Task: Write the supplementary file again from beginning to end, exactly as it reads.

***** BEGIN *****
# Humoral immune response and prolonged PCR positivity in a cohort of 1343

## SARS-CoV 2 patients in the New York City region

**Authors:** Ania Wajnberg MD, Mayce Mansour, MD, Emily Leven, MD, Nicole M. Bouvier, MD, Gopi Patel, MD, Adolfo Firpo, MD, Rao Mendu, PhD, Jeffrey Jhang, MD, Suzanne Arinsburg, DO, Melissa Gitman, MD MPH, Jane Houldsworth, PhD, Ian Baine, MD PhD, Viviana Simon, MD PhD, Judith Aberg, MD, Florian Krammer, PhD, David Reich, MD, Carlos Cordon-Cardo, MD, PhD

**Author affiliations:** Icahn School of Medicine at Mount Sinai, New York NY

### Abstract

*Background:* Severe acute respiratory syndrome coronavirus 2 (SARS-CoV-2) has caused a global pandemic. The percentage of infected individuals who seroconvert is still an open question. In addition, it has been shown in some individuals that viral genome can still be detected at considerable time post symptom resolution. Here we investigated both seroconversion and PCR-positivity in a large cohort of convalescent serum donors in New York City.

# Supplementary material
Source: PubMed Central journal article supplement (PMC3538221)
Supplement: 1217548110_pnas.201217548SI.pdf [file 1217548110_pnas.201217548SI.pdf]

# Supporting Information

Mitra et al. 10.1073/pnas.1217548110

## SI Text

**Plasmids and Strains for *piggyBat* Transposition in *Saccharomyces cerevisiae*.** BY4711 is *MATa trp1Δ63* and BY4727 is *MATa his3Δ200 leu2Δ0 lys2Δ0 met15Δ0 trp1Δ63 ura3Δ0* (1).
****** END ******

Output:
# Humoral immune response and prolonged PCR positivity in a cohort of 1343

## SARS-CoV 2 patients in the New York City region

**Authors:** Ania Wajnberg MD, Mayce Mansour, MD, Emily Leven, MD, Nicole M. Bouvier, MD, Gopi Patel, MD, Adolfo Firpo, MD, Rao Mendu, PhD, Jeffrey Jhang, MD, Suzanne Arinsburg, DO, Melissa Gitman, MD MPH, Jane Houldsworth, PhD, Ian Baine, MD PhD, Viviana Simon, MD PhD, Judith Aberg, MD, Florian Krammer, PhD, David Reich, MD, Carlos Cordon-Cardo, MD, PhD

**Author affiliations:** Icahn School of Medicine at Mount Sinai, New York NY

### Abstract

*Background:* Severe acute respiratory syndrome coronavirus 2 (SARS-CoV-2) has caused a global pandemic. The percentage of infected individuals who seroconvert is still an open question. In addition, it has been shown in some individuals that viral genome can still be detected at considerable time post symptom resolution. Here we investigated both seroconversion and PCR-positivity in a large cohort of convalescent serum donors in New York City.

# Supplementary material
Source: PubMed Central journal article supplement (PMC3538221)
Supplement: 1217548110_pnas.201217548SI.pdf [file 1217548110_pnas.201217548SI.pdf]

# Supporting Information

Mitra et al. 10.1073/pnas.1217548110

## SI Text

**Plasmids and Strains for *piggyBat* Transposition in *Saccharomyces cerevisiae*.** BY4711 is *MATa trp1Δ63* and BY4727 is *MATa his3Δ200 leu2Δ0 lys2Δ0 met15Δ0 trp1Δ63 ura3Δ0* (1).